Instead of creating a marketing-focused developer page potentially full of jargon and vague benefits, you need to build a dedicated developer zone that speaks their language and includes content that will be useful for them.
Developers want to see your features in action, try your software for themselves, and access your product documentation and code, so they can decide if your product is right for them. This type of content may clash with your company’s main marketing website, which is why you need to build a space that speaks directly to the developer persona and addresses their specific needs.
Here are some developer zones you can get inspiration from:
4. Educate, Don’t Market or Sell
Developers don’t want you to sell your product to them. You are unlikely to engage this notoriously critical audience if you employ traditional sales and marketing tactics. The numbers back this up. According to Forbes, 84% of millennials stated that they not only dislike traditional marketing, but they don’t trust it.
So instead of marketing to them, engage developers with an educational developer marketing initiative that helps them learn about new technologies (instead of selling the technology to them). The aim of educational developer marketing is not to sell the product, but to lower the friction between developers and your product. This could be in the form of self-paced courses with hands-on sandbox environments that are tailored to different developer roles, personas, and seniority levels. For example, you could create separate self-paced courses for experienced and junior developers.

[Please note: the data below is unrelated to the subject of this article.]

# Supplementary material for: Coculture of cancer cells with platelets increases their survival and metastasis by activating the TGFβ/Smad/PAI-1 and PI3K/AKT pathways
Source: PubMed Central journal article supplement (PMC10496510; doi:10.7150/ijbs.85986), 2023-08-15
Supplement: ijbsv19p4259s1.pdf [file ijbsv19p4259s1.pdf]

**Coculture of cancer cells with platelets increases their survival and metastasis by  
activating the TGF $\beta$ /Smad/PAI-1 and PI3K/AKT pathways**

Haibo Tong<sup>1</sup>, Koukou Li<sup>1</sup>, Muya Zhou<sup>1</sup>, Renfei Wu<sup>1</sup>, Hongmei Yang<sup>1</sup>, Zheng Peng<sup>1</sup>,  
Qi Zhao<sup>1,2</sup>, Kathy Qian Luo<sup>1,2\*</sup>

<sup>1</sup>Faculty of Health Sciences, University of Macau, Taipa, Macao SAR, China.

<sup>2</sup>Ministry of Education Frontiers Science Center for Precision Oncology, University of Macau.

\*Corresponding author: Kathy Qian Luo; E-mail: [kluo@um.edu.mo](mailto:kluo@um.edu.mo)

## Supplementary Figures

5. Developers Like Education, But They Need Documentation and Hands-on Product Trials
Developers enjoy learning about technology, but they want to do that by trying the product out, not by reading about it or watching a video. Providing hands-on software experiences is key, as developers will often arrive at your product with a limited understanding of its features and how it works.
Product-led companies such as Twilio, Stripe, MongoDB, and SendGrid provide developers with easy access to their products. Developers can test out the product, look under the hood, and use it to complete real-world activities, rather than having to sit through a sales demo.
You need to bring your educational experience to life with interactive documentation, self-paced training, and hands-on sandboxes that developers have access to at all times. To make sure your documentation is engaging, you should provide learning content that includes interactivity features like: